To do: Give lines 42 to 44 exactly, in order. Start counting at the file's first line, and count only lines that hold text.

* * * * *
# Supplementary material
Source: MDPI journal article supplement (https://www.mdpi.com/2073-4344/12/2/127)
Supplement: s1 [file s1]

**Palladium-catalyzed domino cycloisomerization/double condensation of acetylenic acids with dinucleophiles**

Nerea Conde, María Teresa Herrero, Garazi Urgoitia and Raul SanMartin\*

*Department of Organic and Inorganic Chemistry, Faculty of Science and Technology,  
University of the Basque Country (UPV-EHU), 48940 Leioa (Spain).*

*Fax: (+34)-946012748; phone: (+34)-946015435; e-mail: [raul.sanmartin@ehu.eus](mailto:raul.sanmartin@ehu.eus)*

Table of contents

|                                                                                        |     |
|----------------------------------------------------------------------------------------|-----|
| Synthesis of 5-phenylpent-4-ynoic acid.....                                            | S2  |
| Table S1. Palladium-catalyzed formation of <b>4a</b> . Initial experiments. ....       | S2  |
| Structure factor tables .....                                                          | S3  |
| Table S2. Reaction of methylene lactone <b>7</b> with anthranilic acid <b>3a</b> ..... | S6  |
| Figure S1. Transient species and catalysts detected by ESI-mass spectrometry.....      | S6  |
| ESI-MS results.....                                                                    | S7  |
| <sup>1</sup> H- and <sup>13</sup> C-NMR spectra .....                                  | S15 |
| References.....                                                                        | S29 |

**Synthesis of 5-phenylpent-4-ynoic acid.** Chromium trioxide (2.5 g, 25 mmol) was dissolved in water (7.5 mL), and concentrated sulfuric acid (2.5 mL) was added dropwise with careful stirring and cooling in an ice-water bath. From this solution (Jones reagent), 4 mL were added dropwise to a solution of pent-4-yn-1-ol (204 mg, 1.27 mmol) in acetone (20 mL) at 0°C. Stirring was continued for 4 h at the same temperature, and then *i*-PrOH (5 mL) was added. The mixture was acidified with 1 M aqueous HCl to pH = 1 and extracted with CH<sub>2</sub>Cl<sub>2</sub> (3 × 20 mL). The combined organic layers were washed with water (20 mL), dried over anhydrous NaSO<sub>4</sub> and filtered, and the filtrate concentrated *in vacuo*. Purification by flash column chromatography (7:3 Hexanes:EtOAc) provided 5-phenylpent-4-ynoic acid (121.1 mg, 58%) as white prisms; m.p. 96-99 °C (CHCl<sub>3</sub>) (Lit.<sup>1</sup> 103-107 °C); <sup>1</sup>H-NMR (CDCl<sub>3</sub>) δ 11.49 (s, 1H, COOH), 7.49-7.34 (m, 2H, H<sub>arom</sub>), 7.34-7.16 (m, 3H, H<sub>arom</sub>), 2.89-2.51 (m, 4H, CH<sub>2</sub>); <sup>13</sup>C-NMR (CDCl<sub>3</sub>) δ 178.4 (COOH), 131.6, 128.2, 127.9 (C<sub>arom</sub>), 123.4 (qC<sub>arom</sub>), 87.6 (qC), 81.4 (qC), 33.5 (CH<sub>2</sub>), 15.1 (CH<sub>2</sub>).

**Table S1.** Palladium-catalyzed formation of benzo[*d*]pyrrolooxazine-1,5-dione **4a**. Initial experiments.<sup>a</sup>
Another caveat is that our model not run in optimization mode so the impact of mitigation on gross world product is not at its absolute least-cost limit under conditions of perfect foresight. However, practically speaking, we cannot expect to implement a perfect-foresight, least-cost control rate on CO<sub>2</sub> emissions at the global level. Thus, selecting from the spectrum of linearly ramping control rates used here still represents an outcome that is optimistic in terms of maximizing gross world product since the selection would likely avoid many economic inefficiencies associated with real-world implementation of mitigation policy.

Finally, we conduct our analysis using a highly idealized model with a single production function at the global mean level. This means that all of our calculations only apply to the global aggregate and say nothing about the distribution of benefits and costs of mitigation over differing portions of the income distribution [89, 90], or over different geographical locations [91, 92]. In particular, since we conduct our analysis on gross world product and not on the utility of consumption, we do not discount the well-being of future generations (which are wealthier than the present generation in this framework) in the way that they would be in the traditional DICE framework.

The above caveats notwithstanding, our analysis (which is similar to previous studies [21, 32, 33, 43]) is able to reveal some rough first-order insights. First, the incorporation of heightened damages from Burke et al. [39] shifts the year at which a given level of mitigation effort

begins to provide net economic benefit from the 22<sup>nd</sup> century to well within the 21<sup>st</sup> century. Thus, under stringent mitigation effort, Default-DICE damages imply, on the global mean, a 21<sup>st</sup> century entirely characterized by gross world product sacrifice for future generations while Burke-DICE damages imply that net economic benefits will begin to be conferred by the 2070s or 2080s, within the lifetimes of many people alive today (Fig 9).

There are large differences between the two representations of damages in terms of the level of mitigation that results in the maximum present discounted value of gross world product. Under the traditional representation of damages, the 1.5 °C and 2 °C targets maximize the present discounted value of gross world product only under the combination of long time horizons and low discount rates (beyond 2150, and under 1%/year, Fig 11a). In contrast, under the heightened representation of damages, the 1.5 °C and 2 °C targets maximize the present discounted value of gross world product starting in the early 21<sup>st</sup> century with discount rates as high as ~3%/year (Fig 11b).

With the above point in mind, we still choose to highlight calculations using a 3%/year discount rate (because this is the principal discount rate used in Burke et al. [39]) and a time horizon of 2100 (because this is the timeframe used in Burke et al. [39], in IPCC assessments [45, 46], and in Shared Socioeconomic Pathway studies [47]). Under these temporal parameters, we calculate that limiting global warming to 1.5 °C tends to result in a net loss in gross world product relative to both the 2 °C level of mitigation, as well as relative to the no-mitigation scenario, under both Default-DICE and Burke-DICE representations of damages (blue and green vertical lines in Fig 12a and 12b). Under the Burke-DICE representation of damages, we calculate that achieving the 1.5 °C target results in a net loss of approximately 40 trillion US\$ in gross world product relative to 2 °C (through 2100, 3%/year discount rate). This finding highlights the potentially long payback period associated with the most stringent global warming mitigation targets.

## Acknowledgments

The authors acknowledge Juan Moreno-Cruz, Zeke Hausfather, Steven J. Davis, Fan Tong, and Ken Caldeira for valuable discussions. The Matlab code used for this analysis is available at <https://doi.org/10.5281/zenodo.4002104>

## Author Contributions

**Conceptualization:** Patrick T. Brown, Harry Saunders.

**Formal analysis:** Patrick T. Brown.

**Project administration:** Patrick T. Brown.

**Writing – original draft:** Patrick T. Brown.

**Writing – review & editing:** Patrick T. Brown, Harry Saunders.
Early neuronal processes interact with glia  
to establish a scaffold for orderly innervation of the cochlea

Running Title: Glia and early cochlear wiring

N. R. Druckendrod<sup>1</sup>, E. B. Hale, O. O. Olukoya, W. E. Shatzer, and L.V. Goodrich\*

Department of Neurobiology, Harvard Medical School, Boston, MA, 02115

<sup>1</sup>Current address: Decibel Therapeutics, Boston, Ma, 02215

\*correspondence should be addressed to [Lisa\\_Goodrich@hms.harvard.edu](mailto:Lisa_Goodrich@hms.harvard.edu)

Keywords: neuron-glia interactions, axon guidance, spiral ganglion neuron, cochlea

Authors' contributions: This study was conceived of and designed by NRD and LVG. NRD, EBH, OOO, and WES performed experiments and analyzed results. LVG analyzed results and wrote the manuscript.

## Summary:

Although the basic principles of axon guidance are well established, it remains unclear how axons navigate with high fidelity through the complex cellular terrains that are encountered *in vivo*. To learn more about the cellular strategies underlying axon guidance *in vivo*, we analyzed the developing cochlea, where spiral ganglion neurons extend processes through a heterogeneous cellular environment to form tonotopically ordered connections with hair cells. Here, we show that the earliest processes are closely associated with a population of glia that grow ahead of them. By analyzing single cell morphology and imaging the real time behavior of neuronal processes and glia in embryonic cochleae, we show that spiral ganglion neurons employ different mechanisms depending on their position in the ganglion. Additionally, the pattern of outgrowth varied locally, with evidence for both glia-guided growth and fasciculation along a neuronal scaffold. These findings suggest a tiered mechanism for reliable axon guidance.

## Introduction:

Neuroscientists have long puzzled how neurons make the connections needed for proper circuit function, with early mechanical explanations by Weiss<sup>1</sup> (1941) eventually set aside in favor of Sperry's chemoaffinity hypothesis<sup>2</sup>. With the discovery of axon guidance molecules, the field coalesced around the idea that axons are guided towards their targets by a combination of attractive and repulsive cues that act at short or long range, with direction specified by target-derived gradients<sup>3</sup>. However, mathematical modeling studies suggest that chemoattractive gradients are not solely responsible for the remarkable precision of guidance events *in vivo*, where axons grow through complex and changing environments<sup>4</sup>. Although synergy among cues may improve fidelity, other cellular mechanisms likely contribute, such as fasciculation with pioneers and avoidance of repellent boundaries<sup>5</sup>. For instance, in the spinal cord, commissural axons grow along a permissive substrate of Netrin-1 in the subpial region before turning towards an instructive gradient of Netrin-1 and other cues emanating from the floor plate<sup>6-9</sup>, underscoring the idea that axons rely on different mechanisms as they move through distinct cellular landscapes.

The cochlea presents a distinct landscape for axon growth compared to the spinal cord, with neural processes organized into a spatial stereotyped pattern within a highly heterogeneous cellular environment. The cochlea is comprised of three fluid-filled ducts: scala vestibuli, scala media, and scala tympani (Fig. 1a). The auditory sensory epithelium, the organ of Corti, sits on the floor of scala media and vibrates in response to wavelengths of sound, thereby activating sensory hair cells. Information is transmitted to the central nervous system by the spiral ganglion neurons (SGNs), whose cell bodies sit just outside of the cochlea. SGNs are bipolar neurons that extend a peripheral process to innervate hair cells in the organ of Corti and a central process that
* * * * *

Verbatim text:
\*correspondence should be addressed to [Lisa\\_Goodrich@hms.harvard.edu](mailto:Lisa_Goodrich@hms.harvard.edu)

Keywords: neuron-glia interactions, axon guidance, spiral ganglion neuron, cochlea

Authors' contributions: This study was conceived of and designed by NRD and LVG. NRD, EBH, OOO, and WES performed experiments and analyzed results. LVG analyzed results and wrote the manuscript.